Skip to content

The Poor State of Family Leave Benefits in the US

October 29, 2009

As the debate over health care rages on, I can’t help but think about all the other benefit areas that need reform in the USA. My husband and I are currently contemplating starting a family and we are concerned about the lack of sufficient leave for us to properly care for a child. Not only is the leave allowance inadequate for a vast majority of Americans, but it is also unrealistic considering that it is unpaid. Currently  the US is the only industrialized nation which does not guarantee maternity leave for all its mothers. For my family, these facts are especially sobering because we are from Europe, a continent where even the poorest nations guarantee some form of paid leave for all mothers. For example, Albania provides all mothers with 1 year at 80% of salary before birth, and 150 days after at 50% . I have lived here most of my life, my expectations for and understanding of good family policies are heavily influenced by the European model. In America, women and men cannot even begin to imagine the leave guaranteed to parents in Sweden, the country with the most generous family leave policies and, according to Save the Children, the best place to be a mother. Politicians can hardly talk about the importance of family values in the US if they do not support well-balanced families in which parents have adequate, legally protected time for the care of their children and the opportunities to continue excelling in their careers, after taking on the responsibility of child rearing.

Multiple studies have shown that individuals perform better at their jobs when they feel valued, rested and not taken advantage of by their workplace. A worker who is allowed enough leisure time will be less stressed and more likely to increase productivity in their job. This is not to say that family leave rests in the same category as vacation time, but family leave certainly provides for a proper period of adjustment during a tremendous life change. Parents who have access to guilt-free, guaranteed paid leave , to allow them to adapt to parenting are more likely to return to work satisfied rather than resentful about being forced to leave a small child behind. Furthermore, upon returning to work, a mother or father, are less likely to neglect job duties while worrying about their child who, they don’t feel is in the right care.

The American Family and Medical Leave Act, enacted in 1993, made minor improvements to taking time off to care for a young child or a sick relative, but it is hardly sufficient for the needs of most parents. In terms of maternity leave, it allows for women (and, in theory more than practice, for men) who have a baby to take 12 unpaid weeks off. This is only legally mandated if the parents work for a company of 50 employees or more. While having some leave, for some parents, is nice, it is far from enough. Even if you are lucky enough to work for a place with 50 or more employees, what good is leave if it is completely unpaid? With life getting increasingly expensive, loss of income for even a short time is not something that many families can afford. In addition, taking time off to care for a child is not something that ought to be treated as a special indulgence. Taking the necessary time to bond with a child should be encouraged for women as well as men. Again, in this regard the US could learn a lot from Sweden where both men and women are allowed paid and unpaid time off to care for their child.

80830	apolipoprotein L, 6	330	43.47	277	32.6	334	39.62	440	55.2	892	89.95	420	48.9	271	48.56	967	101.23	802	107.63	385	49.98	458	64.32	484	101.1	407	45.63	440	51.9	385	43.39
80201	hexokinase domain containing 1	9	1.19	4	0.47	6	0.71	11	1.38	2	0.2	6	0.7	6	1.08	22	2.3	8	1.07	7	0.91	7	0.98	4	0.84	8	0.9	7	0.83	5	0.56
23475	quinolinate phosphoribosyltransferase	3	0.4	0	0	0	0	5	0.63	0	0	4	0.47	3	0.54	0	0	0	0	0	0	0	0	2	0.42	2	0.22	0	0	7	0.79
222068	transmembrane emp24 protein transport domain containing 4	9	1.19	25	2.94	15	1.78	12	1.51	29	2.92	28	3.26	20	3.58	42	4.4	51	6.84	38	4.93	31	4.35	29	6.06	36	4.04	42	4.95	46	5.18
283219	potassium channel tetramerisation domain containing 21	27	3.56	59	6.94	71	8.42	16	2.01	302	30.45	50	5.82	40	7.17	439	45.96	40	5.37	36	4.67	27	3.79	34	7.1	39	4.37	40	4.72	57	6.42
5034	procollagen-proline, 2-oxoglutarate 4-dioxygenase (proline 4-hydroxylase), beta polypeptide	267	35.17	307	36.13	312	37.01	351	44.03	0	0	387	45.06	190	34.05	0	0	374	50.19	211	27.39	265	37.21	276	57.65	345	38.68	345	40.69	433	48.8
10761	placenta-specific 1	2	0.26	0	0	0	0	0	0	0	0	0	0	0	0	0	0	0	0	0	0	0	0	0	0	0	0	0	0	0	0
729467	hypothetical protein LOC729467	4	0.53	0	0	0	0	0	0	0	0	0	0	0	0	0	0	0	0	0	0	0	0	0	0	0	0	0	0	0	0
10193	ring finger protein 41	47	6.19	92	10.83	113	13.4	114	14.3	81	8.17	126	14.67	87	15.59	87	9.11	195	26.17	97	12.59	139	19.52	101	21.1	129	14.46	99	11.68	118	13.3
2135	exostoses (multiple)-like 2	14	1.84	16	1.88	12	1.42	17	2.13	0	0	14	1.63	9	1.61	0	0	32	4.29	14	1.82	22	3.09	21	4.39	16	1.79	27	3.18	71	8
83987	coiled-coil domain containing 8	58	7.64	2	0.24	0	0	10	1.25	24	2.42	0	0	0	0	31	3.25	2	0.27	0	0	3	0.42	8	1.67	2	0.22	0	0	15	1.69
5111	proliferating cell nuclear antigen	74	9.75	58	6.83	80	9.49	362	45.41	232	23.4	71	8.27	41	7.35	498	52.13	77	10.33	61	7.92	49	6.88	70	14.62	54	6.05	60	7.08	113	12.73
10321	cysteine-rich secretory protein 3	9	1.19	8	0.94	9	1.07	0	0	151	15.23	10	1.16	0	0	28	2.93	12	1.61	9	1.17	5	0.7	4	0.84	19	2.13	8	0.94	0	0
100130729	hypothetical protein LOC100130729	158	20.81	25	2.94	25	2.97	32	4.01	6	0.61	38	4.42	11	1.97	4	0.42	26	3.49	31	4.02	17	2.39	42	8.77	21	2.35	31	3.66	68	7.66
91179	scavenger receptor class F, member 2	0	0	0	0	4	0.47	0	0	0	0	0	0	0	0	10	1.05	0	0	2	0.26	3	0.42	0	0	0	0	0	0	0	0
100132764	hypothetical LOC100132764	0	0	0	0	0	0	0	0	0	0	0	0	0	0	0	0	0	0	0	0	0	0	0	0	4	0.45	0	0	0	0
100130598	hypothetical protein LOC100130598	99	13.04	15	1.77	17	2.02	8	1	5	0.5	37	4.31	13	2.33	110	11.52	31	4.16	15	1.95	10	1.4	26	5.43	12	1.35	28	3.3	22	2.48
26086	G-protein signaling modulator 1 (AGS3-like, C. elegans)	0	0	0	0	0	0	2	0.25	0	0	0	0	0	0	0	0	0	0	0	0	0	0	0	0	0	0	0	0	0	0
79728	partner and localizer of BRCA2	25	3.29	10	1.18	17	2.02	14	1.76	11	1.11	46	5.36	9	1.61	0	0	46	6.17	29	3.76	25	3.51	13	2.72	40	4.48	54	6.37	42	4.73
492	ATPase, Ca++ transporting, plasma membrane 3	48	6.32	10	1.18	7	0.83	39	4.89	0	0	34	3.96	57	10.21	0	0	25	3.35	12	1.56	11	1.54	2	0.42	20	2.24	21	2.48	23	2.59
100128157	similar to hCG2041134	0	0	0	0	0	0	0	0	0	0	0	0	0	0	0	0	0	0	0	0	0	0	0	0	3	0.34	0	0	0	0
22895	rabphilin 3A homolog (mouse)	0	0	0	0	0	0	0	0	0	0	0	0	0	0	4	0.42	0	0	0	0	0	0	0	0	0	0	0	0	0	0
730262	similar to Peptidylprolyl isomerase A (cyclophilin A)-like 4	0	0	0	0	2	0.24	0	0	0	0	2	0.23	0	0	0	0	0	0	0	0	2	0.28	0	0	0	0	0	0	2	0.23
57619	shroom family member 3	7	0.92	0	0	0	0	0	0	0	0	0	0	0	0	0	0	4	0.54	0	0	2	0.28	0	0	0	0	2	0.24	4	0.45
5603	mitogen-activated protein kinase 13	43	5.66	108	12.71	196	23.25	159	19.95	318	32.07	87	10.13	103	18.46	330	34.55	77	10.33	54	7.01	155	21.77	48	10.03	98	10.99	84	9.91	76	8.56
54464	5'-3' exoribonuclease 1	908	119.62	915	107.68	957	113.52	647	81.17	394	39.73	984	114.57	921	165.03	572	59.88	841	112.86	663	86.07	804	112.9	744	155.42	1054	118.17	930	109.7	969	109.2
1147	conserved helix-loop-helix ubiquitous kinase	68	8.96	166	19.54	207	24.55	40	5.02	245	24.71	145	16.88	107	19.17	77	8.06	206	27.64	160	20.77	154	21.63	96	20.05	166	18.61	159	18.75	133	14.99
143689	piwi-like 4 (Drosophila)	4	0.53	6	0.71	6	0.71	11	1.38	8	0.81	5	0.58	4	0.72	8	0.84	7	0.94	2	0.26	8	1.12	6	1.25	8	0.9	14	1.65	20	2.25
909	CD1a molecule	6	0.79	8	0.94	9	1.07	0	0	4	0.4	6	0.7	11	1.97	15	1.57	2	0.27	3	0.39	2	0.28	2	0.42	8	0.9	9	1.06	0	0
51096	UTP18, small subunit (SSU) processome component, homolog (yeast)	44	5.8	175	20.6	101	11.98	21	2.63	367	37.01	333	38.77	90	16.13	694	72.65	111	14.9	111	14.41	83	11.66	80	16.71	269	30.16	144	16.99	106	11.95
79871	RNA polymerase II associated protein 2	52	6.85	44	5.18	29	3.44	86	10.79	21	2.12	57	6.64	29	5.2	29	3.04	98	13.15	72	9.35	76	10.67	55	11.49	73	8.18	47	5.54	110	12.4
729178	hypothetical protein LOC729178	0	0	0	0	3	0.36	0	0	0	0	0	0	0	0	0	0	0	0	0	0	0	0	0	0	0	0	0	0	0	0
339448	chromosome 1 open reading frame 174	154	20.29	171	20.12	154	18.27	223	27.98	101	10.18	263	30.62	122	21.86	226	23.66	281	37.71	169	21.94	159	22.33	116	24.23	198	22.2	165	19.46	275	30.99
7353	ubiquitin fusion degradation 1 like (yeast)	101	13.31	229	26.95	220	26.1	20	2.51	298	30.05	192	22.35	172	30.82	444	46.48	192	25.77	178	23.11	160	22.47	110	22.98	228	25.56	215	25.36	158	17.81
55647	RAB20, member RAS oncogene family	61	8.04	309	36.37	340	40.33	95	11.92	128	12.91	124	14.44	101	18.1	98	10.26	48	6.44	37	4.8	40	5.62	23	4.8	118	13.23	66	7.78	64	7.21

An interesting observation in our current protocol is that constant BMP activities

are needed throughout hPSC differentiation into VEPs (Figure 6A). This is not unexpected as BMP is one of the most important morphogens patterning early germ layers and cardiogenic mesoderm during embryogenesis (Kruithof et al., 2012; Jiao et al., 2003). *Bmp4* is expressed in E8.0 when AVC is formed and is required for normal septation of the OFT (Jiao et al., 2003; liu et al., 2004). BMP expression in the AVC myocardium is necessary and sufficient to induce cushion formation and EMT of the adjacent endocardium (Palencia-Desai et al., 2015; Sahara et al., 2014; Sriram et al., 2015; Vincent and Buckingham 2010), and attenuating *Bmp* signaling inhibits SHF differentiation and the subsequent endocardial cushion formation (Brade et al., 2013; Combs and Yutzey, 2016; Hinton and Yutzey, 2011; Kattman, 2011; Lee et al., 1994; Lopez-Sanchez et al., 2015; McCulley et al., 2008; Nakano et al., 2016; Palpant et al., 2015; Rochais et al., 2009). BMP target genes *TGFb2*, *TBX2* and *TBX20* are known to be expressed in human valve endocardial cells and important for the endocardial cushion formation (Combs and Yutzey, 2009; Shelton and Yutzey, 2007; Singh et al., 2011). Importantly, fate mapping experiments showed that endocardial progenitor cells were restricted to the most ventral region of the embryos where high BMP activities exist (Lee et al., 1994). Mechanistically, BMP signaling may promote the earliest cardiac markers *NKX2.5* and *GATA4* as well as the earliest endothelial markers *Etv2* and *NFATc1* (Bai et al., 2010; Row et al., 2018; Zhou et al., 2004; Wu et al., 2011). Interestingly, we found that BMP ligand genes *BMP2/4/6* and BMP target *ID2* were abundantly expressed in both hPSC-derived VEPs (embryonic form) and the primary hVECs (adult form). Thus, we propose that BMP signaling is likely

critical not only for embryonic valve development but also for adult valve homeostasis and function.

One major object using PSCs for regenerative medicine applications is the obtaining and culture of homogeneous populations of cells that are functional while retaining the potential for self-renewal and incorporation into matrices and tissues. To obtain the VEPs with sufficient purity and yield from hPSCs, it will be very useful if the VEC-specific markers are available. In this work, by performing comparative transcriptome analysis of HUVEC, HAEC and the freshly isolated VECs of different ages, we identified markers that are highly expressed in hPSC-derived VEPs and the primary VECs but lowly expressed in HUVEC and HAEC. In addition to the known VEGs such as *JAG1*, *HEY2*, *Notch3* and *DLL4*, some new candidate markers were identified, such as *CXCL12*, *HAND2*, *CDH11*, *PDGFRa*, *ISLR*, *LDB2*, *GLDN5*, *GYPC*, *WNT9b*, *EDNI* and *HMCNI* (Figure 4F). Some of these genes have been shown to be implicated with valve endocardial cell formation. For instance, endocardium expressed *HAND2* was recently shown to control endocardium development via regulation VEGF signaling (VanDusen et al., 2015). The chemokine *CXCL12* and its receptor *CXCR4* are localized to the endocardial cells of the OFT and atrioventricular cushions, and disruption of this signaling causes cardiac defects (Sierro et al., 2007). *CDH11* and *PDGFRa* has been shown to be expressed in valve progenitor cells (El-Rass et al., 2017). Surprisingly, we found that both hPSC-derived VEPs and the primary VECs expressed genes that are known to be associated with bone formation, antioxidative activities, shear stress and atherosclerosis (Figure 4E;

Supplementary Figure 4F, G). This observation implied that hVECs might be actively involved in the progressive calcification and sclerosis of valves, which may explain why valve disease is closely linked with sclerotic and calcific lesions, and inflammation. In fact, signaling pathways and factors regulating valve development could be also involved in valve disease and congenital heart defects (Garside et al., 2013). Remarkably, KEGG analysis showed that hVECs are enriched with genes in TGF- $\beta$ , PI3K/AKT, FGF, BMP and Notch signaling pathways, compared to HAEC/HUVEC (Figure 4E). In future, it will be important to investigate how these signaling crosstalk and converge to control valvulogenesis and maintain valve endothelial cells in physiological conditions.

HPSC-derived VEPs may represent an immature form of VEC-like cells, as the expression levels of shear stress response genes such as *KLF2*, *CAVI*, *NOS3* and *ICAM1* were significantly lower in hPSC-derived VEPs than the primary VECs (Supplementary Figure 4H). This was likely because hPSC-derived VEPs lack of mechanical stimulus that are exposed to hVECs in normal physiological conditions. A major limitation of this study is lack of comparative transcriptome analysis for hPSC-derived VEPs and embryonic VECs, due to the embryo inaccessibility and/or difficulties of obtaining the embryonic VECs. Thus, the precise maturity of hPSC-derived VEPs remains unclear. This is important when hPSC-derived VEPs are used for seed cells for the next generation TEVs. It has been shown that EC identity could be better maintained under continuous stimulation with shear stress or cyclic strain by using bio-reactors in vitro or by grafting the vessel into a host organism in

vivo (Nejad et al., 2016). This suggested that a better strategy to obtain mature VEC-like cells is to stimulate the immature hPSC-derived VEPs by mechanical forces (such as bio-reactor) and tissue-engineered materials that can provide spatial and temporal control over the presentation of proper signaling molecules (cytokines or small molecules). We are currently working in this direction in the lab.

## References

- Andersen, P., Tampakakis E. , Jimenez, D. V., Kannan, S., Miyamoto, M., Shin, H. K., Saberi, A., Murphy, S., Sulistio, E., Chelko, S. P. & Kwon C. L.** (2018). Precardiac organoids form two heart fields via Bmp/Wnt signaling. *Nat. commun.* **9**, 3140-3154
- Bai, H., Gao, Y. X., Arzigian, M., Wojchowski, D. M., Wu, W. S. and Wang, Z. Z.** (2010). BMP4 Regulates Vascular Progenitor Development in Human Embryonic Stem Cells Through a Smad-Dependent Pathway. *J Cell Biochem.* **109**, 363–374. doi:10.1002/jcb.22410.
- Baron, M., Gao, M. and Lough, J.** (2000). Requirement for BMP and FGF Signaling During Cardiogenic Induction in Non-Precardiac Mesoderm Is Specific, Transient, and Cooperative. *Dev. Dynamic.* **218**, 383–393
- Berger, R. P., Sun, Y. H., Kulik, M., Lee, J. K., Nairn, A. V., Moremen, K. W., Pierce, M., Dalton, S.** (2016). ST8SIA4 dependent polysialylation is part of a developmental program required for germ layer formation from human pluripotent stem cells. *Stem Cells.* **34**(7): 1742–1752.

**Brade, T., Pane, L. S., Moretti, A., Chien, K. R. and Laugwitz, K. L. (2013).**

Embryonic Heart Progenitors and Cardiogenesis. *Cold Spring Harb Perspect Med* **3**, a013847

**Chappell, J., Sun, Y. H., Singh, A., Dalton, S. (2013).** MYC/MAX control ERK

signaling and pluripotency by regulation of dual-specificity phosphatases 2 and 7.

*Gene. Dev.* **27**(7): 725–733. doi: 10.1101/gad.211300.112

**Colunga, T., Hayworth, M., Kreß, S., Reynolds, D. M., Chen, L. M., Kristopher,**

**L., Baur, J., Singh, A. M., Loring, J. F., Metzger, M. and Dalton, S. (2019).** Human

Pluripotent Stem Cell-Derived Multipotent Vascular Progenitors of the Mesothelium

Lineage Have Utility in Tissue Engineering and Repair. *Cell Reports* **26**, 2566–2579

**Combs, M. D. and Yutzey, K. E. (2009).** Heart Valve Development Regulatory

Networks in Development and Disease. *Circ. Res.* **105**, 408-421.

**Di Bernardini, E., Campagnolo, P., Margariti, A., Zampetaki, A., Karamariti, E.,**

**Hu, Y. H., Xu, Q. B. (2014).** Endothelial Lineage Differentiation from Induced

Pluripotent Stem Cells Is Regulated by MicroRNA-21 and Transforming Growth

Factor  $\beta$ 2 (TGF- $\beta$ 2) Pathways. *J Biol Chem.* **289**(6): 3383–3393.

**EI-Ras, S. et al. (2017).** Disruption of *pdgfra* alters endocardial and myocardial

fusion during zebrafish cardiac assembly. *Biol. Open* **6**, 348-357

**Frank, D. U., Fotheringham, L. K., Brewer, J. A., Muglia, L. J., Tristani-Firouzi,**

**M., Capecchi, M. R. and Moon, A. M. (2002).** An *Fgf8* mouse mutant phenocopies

The overwhelming lack of benefits for the care of young children and a lack of affordable day care makes parenting in America a real problem. Few if any parents feel good about handing over a 3 month old baby to a stranger, regardless of how reputable the care facility. With the status quo, new parents are essentially expected to give birth to a child, maybe take some unpaid leave, return to work right when they are usually just beginning to get used to their new addition, spend their pay on overpriced (often subpar) daycare, work as if their job comes above everything else and smile because they supposedly live in the best nation in the world. The alternative is to have one of the parents completely quit their job, but this is only fair if done based on one’s own true desire to be a full-time parent and when financially possible. I personally don’t know too many families that can easily sacrifice one partner’s income, while rearing a child nonetheless, and not be deeply economically impacted. Bringing up healthy, well-adjusted children is in the best interest of every nation. If parents do not have the necessary tools to do this, society cannot expect the best results. Parents don’t just face stress over loss of income, but also feel discouraged to equally involve themselves in raising a family and growing in their careers. I hardly think that choosing between being a workaholic and giving up one’s hopes and dreams for a satisfying career to stay home is something to feel good about. On the other hand, I know that many people of my generation find family development just as important as the establishment of a fulfilling career.